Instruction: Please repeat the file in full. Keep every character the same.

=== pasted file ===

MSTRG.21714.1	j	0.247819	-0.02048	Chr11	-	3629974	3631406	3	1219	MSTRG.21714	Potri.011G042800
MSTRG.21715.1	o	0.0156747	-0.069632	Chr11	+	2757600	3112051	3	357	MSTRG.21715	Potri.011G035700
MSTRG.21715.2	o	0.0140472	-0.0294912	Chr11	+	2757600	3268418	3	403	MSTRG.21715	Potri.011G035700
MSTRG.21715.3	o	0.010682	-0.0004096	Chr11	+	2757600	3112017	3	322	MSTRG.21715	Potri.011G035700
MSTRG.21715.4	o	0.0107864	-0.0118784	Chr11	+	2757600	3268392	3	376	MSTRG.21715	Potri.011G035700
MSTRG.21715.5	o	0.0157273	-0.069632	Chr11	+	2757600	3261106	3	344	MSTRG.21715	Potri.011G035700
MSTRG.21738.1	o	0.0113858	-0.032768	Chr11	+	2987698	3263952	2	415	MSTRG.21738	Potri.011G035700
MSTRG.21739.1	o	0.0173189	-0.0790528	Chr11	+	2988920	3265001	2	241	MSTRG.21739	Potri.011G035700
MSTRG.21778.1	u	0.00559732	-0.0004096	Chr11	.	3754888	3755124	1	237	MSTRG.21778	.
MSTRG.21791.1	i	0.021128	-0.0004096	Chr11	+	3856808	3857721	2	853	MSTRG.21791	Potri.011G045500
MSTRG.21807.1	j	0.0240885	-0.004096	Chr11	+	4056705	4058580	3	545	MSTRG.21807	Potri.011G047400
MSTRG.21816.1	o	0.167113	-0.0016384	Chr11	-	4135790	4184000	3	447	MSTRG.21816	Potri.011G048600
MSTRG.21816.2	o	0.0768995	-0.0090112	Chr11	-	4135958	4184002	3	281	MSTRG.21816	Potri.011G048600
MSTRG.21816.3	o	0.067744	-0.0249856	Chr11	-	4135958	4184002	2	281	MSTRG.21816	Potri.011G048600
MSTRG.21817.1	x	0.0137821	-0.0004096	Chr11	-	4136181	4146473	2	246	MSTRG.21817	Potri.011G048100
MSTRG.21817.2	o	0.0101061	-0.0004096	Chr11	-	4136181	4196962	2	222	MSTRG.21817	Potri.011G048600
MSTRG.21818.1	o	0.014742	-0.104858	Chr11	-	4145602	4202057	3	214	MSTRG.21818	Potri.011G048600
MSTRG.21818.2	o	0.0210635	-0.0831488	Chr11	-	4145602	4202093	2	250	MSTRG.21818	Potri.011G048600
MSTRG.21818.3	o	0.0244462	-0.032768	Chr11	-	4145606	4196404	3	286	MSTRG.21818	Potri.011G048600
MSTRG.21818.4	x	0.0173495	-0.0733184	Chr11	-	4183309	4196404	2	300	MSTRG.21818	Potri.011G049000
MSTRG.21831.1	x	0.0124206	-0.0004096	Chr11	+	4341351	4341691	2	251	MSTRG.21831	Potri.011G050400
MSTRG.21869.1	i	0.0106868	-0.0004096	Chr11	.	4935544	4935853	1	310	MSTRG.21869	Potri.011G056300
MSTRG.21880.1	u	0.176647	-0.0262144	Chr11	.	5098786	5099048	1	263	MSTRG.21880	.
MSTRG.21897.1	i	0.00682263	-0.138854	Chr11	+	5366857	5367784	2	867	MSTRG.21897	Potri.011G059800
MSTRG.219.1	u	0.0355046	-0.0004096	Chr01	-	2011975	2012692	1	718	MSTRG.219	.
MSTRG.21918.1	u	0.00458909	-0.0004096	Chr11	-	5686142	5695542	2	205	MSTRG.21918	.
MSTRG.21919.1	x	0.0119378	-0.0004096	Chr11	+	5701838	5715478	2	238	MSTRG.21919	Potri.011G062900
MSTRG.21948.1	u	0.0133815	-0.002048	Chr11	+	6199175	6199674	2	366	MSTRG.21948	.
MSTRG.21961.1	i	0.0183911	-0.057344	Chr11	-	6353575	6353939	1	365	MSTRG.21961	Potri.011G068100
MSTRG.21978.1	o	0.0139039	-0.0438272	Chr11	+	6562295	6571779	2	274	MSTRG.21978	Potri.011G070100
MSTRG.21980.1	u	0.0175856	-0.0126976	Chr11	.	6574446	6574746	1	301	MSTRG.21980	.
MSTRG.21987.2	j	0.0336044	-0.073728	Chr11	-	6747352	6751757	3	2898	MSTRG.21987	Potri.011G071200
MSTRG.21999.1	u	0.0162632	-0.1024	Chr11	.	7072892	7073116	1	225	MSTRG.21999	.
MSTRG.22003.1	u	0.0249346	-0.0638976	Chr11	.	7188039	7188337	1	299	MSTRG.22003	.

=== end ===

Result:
MSTRG.21714.1	j	0.247819	-0.02048	Chr11	-	3629974	3631406	3	1219	MSTRG.21714	Potri.011G042800
MSTRG.21715.1	o	0.0156747	-0.069632	Chr11	+	2757600	3112051	3	357	MSTRG.21715	Potri.011G035700
MSTRG.21715.2	o	0.0140472	-0.0294912	Chr11	+	2757600	3268418	3	403	MSTRG.21715	Potri.011G035700
MSTRG.21715.3	o	0.010682	-0.0004096	Chr11	+	2757600	3112017	3	322	MSTRG.21715	Potri.011G035700
MSTRG.21715.4	o	0.0107864	-0.0118784	Chr11	+	2757600	3268392	3	376	MSTRG.21715	Potri.011G035700
MSTRG.21715.5	o	0.0157273	-0.069632	Chr11	+	2757600	3261106	3	344	MSTRG.21715	Potri.011G035700
MSTRG.21738.1	o	0.0113858	-0.032768	Chr11	+	2987698	3263952	2	415	MSTRG.21738	Potri.011G035700
MSTRG.21739.1	o	0.0173189	-0.0790528	Chr11	+	2988920	3265001	2	241	MSTRG.21739	Potri.011G035700
MSTRG.21778.1	u	0.00559732	-0.0004096	Chr11	.	3754888	3755124	1	237	MSTRG.21778	.
MSTRG.21791.1	i	0.021128	-0.0004096	Chr11	+	3856808	3857721	2	853	MSTRG.21791	Potri.011G045500
MSTRG.21807.1	j	0.0240885	-0.004096	Chr11	+	4056705	4058580	3	545	MSTRG.21807	Potri.011G047400
MSTRG.21816.1	o	0.167113	-0.0016384	Chr11	-	4135790	4184000	3	447	MSTRG.21816	Potri.011G048600
MSTRG.21816.2	o	0.0768995	-0.0090112	Chr11	-	4135958	4184002	3	281	MSTRG.21816	Potri.011G048600
MSTRG.21816.3	o	0.067744	-0.0249856	Chr11	-	4135958	4184002	2	281	MSTRG.21816	Potri.011G048600
MSTRG.21817.1	x	0.0137821	-0.0004096	Chr11	-	4136181	4146473	2	246	MSTRG.21817	Potri.011G048100
MSTRG.21817.2	o	0.0101061	-0.0004096	Chr11	-	4136181	4196962	2	222	MSTRG.21817	Potri.011G048600
MSTRG.21818.1	o	0.014742	-0.104858	Chr11	-	4145602	4202057	3	214	MSTRG.21818	Potri.011G048600
MSTRG.21818.2	o	0.0210635	-0.0831488	Chr11	-	4145602	4202093	2	250	MSTRG.21818	Potri.011G048600
MSTRG.21818.3	o	0.0244462	-0.032768	Chr11	-	4145606	4196404	3	286	MSTRG.21818	Potri.011G048600
MSTRG.21818.4	x	0.0173495	-0.0733184	Chr11	-	4183309	4196404	2	300	MSTRG.21818	Potri.011G049000
MSTRG.21831.1	x	0.0124206	-0.0004096	Chr11	+	4341351	4341691	2	251	MSTRG.21831	Potri.011G050400
MSTRG.21869.1	i	0.0106868	-0.0004096	Chr11	.	4935544	4935853	1	310	MSTRG.21869	Potri.011G056300
MSTRG.21880.1	u	0.176647	-0.0262144	Chr11	.	5098786	5099048	1	263	MSTRG.21880	.
MSTRG.21897.1	i	0.00682263	-0.138854	Chr11	+	5366857	5367784	2	867	MSTRG.21897	Potri.011G059800
MSTRG.219.1	u	0.0355046	-0.0004096	Chr01	-	2011975	2012692	1	718	MSTRG.219	.
MSTRG.21918.1	u	0.00458909	-0.0004096	Chr11	-	5686142	5695542	2	205	MSTRG.21918	.
MSTRG.21919.1	x	0.0119378	-0.0004096	Chr11	+	5701838	5715478	2	238	MSTRG.21919	Potri.011G062900
MSTRG.21948.1	u	0.0133815	-0.002048	Chr11	+	6199175	6199674	2	366	MSTRG.21948	.
MSTRG.21961.1	i	0.0183911	-0.057344	Chr11	-	6353575	6353939	1	365	MSTRG.21961	Potri.011G068100
MSTRG.21978.1	o	0.0139039	-0.0438272	Chr11	+	6562295	6571779	2	274	MSTRG.21978	Potri.011G070100
MSTRG.21980.1	u	0.0175856	-0.0126976	Chr11	.	6574446	6574746	1	301	MSTRG.21980	.
MSTRG.21987.2	j	0.0336044	-0.073728	Chr11	-	6747352	6751757	3	2898	MSTRG.21987	Potri.011G071200
MSTRG.21999.1	u	0.0162632	-0.1024	Chr11	.	7072892	7073116	1	225	MSTRG.21999	.
MSTRG.22003.1	u	0.0249346	-0.0638976	Chr11	.	7188039	7188337	1	299	MSTRG.22003	.